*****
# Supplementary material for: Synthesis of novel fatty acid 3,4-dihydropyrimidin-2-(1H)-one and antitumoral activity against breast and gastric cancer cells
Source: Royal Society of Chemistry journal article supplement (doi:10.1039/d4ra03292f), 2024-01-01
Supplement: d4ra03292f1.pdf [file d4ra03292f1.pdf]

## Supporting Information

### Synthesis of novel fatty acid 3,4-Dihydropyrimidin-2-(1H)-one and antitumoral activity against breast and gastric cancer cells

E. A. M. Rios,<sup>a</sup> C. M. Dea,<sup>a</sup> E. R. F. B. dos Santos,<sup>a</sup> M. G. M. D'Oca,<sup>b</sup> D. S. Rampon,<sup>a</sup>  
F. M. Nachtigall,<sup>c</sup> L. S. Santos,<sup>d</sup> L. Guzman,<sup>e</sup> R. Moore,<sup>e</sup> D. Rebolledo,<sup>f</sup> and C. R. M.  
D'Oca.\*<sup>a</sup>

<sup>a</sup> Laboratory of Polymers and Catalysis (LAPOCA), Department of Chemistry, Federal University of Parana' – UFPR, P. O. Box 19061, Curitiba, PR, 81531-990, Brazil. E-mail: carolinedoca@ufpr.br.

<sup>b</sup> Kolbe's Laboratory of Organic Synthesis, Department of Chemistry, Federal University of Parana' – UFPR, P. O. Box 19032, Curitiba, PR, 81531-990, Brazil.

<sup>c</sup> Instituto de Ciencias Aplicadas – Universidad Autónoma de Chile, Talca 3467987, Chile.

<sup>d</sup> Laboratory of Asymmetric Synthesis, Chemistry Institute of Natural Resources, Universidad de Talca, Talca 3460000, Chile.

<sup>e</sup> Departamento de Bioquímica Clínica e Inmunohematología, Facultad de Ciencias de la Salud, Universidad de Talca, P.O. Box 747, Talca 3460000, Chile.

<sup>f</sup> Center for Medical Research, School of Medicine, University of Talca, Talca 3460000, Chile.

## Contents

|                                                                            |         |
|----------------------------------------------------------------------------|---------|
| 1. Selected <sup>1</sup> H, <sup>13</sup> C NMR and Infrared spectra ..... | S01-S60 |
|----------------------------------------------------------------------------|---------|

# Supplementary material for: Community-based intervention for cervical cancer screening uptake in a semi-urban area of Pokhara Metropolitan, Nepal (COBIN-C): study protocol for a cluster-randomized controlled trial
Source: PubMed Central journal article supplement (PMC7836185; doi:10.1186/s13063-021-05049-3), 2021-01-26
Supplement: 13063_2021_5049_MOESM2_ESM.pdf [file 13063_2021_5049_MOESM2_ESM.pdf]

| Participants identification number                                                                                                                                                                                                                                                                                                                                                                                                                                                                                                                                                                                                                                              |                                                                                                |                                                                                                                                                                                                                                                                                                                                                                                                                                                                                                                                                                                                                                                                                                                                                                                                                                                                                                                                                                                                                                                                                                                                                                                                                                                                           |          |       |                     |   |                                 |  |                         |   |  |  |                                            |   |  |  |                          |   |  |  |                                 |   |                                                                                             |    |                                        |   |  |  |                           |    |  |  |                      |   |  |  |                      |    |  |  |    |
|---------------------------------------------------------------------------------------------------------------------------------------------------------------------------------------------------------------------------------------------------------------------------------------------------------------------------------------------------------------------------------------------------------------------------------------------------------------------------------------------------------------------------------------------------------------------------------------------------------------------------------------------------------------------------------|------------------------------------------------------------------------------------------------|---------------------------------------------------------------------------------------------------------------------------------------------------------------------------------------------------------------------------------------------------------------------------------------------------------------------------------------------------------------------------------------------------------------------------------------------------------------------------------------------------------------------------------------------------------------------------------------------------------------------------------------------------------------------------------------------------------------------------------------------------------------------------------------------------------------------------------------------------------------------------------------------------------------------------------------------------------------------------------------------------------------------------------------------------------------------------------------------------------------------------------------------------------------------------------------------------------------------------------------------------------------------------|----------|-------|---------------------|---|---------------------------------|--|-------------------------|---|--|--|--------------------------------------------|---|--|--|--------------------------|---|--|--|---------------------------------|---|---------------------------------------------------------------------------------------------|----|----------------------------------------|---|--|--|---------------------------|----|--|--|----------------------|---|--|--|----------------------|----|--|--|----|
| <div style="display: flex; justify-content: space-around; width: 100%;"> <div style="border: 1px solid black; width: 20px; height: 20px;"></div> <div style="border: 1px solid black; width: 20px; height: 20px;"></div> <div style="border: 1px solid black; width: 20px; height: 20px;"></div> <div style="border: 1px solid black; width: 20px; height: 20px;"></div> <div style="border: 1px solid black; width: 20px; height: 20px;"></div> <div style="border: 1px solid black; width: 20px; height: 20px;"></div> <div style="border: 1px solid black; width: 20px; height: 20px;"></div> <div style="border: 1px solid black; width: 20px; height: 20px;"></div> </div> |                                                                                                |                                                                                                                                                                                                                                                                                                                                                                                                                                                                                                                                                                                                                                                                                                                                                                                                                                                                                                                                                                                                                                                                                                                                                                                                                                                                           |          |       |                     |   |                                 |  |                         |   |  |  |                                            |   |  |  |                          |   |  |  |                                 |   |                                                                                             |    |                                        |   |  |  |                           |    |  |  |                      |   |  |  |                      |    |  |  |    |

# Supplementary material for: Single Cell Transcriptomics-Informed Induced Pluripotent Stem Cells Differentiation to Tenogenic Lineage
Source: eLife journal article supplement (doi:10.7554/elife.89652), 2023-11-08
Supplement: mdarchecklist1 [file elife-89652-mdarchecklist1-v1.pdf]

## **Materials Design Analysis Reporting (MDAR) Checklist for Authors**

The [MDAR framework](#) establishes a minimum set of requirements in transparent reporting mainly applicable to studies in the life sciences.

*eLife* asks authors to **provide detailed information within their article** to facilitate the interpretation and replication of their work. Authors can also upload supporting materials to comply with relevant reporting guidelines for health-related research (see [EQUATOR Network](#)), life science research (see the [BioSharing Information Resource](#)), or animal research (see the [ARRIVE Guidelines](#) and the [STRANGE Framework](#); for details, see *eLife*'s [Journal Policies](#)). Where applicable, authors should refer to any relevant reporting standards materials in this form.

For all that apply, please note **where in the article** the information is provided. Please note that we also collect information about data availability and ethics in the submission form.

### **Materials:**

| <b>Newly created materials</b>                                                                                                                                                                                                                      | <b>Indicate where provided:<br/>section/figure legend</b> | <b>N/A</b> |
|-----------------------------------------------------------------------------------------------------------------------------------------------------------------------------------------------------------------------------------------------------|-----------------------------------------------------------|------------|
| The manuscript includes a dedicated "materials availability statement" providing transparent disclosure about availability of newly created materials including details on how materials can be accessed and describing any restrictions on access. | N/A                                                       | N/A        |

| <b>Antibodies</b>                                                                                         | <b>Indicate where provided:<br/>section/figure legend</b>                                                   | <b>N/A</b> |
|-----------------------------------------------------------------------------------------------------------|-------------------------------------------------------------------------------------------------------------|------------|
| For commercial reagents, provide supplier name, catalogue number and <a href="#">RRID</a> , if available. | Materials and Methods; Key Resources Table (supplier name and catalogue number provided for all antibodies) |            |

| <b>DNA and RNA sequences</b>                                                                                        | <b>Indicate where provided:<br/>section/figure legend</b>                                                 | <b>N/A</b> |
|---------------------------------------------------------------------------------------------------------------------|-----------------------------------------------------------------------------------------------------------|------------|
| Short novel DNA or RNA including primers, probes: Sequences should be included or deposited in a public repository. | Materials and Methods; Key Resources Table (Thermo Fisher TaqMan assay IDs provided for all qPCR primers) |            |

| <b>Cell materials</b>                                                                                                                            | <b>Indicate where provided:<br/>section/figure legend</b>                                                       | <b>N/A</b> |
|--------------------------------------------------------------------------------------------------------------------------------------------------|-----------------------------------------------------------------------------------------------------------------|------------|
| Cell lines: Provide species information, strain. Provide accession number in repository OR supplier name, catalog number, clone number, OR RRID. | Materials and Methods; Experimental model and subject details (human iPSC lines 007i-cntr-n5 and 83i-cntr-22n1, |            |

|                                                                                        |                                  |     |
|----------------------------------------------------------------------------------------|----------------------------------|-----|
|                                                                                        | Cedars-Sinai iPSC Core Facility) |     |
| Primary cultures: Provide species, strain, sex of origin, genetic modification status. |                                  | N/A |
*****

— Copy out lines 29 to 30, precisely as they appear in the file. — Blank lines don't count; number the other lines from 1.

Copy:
## **Materials Design Analysis Reporting (MDAR) Checklist for Authors**

The [MDAR framework](#) establishes a minimum set of requirements in transparent reporting mainly applicable to studies in the life sciences.